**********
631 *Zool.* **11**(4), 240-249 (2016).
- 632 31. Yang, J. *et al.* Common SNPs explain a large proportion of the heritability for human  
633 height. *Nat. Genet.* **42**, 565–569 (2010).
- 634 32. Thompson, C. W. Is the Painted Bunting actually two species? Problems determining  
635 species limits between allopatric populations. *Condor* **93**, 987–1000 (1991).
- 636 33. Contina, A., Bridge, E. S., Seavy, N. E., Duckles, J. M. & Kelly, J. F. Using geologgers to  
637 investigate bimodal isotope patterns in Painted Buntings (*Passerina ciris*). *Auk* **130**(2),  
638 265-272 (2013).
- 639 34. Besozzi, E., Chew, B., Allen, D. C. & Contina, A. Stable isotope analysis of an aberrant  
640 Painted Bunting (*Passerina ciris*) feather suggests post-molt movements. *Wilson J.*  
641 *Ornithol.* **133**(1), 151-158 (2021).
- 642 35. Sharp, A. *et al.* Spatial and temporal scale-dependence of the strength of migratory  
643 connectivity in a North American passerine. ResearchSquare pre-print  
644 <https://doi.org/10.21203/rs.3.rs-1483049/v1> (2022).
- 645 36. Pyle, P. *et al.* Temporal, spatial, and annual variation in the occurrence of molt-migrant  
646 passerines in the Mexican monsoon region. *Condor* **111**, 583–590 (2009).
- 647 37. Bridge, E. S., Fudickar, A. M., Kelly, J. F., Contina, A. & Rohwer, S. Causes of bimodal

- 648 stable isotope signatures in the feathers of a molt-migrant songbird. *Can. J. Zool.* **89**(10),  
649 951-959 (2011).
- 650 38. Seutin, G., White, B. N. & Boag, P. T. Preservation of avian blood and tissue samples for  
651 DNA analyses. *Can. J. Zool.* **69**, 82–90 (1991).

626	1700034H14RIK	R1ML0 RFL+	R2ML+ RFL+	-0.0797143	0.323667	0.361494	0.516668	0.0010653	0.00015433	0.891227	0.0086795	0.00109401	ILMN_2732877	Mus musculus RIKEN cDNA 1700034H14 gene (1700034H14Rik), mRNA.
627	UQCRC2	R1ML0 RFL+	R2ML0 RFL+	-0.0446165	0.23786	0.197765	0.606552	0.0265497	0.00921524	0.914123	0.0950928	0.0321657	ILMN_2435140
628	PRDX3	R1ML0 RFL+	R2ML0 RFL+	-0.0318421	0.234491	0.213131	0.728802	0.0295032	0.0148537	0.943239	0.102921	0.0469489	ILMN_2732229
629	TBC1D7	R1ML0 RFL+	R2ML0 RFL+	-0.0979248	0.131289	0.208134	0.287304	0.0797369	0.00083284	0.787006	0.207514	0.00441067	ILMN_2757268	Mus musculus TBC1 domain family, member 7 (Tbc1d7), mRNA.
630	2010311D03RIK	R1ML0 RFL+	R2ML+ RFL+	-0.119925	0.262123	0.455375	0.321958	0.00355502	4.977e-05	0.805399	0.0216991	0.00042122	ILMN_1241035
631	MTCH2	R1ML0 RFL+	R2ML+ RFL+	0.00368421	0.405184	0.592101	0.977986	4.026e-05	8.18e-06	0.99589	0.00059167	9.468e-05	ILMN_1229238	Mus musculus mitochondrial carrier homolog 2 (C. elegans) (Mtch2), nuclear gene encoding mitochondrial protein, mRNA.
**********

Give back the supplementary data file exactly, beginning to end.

631 *Zool.* **11**(4), 240-249 (2016).
- 632 31. Yang, J. *et al.* Common SNPs explain a large proportion of the heritability for human  
633 height. *Nat. Genet.* **42**, 565–569 (2010).
- 634 32. Thompson, C. W. Is the Painted Bunting actually two species? Problems determining  
635 species limits between allopatric populations. *Condor* **93**, 987–1000 (1991).
- 636 33. Contina, A., Bridge, E. S., Seavy, N. E., Duckles, J. M. & Kelly, J. F. Using geologgers to  
637 investigate bimodal isotope patterns in Painted Buntings (*Passerina ciris*). *Auk* **130**(2),  
638 265-272 (2013).
- 639 34. Besozzi, E., Chew, B., Allen, D. C. & Contina, A. Stable isotope analysis of an aberrant  
640 Painted Bunting (*Passerina ciris*) feather suggests post-molt movements. *Wilson J.*  
641 *Ornithol.* **133**(1), 151-158 (2021).
- 642 35. Sharp, A. *et al.* Spatial and temporal scale-dependence of the strength of migratory  
643 connectivity in a North American passerine. ResearchSquare pre-print  
644 <https://doi.org/10.21203/rs.3.rs-1483049/v1> (2022).
- 645 36. Pyle, P. *et al.* Temporal, spatial, and annual variation in the occurrence of molt-migrant  
646 passerines in the Mexican monsoon region. *Condor* **111**, 583–590 (2009).
- 647 37. Bridge, E. S., Fudickar, A. M., Kelly, J. F., Contina, A. & Rohwer, S. Causes of bimodal

- 648 stable isotope signatures in the feathers of a molt-migrant songbird. *Can. J. Zool.* **89**(10),  
649 951-959 (2011).
- 650 38. Seutin, G., White, B. N. & Boag, P. T. Preservation of avian blood and tissue samples for  
651 DNA analyses. *Can. J. Zool.* **69**, 82–90 (1991).

626	1700034H14RIK	R1ML0 RFL+	R2ML+ RFL+	-0.0797143	0.323667	0.361494	0.516668	0.0010653	0.00015433	0.891227	0.0086795	0.00109401	ILMN_2732877	Mus musculus RIKEN cDNA 1700034H14 gene (1700034H14Rik), mRNA.
627	UQCRC2	R1ML0 RFL+	R2ML0 RFL+	-0.0446165	0.23786	0.197765	0.606552	0.0265497	0.00921524	0.914123	0.0950928	0.0321657	ILMN_2435140
628	PRDX3	R1ML0 RFL+	R2ML0 RFL+	-0.0318421	0.234491	0.213131	0.728802	0.0295032	0.0148537	0.943239	0.102921	0.0469489	ILMN_2732229
629	TBC1D7	R1ML0 RFL+	R2ML0 RFL+	-0.0979248	0.131289	0.208134	0.287304	0.0797369	0.00083284	0.787006	0.207514	0.00441067	ILMN_2757268	Mus musculus TBC1 domain family, member 7 (Tbc1d7), mRNA.
630	2010311D03RIK	R1ML0 RFL+	R2ML+ RFL+	-0.119925	0.262123	0.455375	0.321958	0.00355502	4.977e-05	0.805399	0.0216991	0.00042122	ILMN_1241035
631	MTCH2	R1ML0 RFL+	R2ML+ RFL+	0.00368421	0.405184	0.592101	0.977986	4.026e-05	8.18e-06	0.99589	0.00059167	9.468e-05	ILMN_1229238	Mus musculus mitochondrial carrier homolog 2 (C. elegans) (Mtch2), nuclear gene encoding mitochondrial protein, mRNA.